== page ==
Once when studying computer science I had to present a computer program to my lecturer, in his office. The computer in his office was dual-screen but all he had open was six text based terminal windows (like the DOS command line on Windows). He looked on expectantly, waiting for me to demonstrate my program by typing commands into the terminal. Coming from the School of Architecture I had never seen anyone operate a computer without a Graphical User Interface (GUI), and I had no idea how to operate it myself. After typing Abracadabra a few times, I eventually had to restart the computer and use the mouse and icons to open up my program. I left the office feeling pretty stupid. The feeling continued until I got my marking sheet back where my lecturer raved about how intuitive my use of the mouse and the GUI had been. The GUI is not all bad.
Recently I have been looking at old CAD programs, from the days before any sort of standard GUI. Like the story with my computer science professor, it is easy to see why in the 1980’s, mouse based GUI’s became so popular. But something I had not considered, until I started reading about these old systems, is what the architect gave up to use a GUI.
The most obvious ramification is that the GUI immediately limits the vocabulary of the architect. If the architect wants to draw a line between two points, there is probably an icon for it, but if they want to produce a catenary curve – like the curves of Gaudí and the Voussoir Cloud – they are probably out of luck. The software developer is entrusted with the generation of new vocabularies, dishing out new tools for the architect with every software release – doubly curved curtain walls in Revit 2010! The current trend towards scripting is a realisation of the GUI’s limitations and an attempt by architects to take control of their tools and as a consequence, their buildings. (See anything written by Kostas Terzidis).
A less obvious ramification of the GUI is that it destroys the history of how an object is created. In the pre-GUI days objects were created with lines of code, which provided a list of commands that needed to be executed to make the object. If the object did not look as intended, any of these commands could be edited, added to, or removed. However with the GUI, the focus shifted from editing how the object was made, to directly editing the object. This is because it is hard to visulise all the commands that generated an object with a GUI – in each instance the object is Tabula Rasa with its method of generation destroyed. So the only way to edit an object through the GUI is by adding further commands to it, or to undo the last command, thereby destroying the current one. The history of an object is important to architects who worship napkin sketches, smudges and Scarpa’s drawings – probably because how something was created tells us about why it was created. The history is also important if we want to revise a design and perhaps start with a square rather than a circle. Associative modelling and graph based parametric modelling are two techniques used to activate the history of a GUI based drawing.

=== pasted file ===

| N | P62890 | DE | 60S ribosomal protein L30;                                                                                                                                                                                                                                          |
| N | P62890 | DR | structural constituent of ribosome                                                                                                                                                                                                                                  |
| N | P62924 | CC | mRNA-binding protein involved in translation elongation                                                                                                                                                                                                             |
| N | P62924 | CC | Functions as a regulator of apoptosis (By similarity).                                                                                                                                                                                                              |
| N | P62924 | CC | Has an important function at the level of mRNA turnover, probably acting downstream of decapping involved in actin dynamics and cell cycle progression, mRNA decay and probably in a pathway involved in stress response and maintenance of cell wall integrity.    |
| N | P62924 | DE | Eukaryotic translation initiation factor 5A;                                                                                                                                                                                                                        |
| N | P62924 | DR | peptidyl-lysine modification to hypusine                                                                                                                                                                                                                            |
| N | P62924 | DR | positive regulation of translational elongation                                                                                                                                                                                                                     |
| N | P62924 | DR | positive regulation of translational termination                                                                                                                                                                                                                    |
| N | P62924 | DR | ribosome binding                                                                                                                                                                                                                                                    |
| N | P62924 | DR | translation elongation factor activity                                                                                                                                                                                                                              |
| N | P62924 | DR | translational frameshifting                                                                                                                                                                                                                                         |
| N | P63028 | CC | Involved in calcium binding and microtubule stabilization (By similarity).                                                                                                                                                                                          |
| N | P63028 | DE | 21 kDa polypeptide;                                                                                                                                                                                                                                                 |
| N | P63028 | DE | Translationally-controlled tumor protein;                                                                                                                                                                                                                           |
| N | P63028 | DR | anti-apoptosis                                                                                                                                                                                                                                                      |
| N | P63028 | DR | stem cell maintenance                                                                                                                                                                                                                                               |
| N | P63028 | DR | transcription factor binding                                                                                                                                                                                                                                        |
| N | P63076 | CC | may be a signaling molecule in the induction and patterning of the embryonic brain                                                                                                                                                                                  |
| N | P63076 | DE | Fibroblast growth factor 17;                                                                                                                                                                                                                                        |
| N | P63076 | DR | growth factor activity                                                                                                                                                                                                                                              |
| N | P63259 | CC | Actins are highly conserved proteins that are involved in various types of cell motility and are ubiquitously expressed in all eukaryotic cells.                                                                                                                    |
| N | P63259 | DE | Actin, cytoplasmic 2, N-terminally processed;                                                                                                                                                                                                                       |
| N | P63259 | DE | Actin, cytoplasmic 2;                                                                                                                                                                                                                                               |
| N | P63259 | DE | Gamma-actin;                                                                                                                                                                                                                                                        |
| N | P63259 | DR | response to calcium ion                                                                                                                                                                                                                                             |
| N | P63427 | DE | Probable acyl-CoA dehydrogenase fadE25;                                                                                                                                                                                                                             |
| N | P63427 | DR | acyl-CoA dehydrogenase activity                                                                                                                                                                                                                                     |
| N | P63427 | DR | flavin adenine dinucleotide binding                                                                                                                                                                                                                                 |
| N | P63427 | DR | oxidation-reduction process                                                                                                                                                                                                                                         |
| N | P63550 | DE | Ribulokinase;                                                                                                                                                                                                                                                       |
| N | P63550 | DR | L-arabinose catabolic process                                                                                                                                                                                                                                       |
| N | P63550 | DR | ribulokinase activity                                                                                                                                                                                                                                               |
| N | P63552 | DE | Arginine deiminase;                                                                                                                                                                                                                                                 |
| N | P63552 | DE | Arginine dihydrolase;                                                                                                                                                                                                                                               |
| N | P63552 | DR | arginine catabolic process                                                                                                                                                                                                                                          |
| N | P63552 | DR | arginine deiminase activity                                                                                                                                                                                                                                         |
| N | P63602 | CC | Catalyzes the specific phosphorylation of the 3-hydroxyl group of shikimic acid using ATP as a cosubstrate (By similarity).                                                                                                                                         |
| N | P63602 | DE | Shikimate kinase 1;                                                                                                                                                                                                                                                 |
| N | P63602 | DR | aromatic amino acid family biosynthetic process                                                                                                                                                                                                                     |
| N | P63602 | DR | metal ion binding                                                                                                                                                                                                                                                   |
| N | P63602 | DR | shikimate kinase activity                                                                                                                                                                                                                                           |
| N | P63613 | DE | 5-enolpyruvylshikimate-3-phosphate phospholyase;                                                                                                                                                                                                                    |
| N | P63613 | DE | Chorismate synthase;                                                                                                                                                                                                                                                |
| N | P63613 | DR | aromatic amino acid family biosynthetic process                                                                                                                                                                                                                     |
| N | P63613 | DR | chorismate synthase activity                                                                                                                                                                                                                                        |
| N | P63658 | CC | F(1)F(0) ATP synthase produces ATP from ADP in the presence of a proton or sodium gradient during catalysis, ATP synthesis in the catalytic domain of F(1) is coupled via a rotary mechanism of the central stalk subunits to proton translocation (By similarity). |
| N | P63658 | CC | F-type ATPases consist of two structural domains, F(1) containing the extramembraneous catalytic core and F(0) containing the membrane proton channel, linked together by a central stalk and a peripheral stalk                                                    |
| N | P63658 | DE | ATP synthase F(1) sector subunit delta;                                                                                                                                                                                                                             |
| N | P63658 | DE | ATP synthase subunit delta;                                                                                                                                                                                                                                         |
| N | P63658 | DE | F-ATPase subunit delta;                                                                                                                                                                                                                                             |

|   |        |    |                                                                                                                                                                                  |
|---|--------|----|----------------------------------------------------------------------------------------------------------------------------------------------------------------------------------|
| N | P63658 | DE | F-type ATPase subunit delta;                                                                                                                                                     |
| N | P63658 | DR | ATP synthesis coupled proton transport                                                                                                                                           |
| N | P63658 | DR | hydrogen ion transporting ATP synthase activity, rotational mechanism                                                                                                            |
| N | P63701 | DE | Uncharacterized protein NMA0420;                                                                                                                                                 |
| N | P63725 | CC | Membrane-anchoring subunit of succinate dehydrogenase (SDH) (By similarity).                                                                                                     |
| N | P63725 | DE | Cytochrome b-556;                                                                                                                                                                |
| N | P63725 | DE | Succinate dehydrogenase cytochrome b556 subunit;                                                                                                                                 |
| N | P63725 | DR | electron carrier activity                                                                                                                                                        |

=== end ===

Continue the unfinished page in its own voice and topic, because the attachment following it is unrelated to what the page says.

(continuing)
I certainly could not live like my computer science professor and only use a text based interface on my computer. However the GUI is a bit like fast food, it is convenient, but it is important to know the sacrifice you are making to the health of your body or design for this convenience. It is reassuring to see that architecture has embraced digital technology to the point where some of these sacrifices are being mitigated.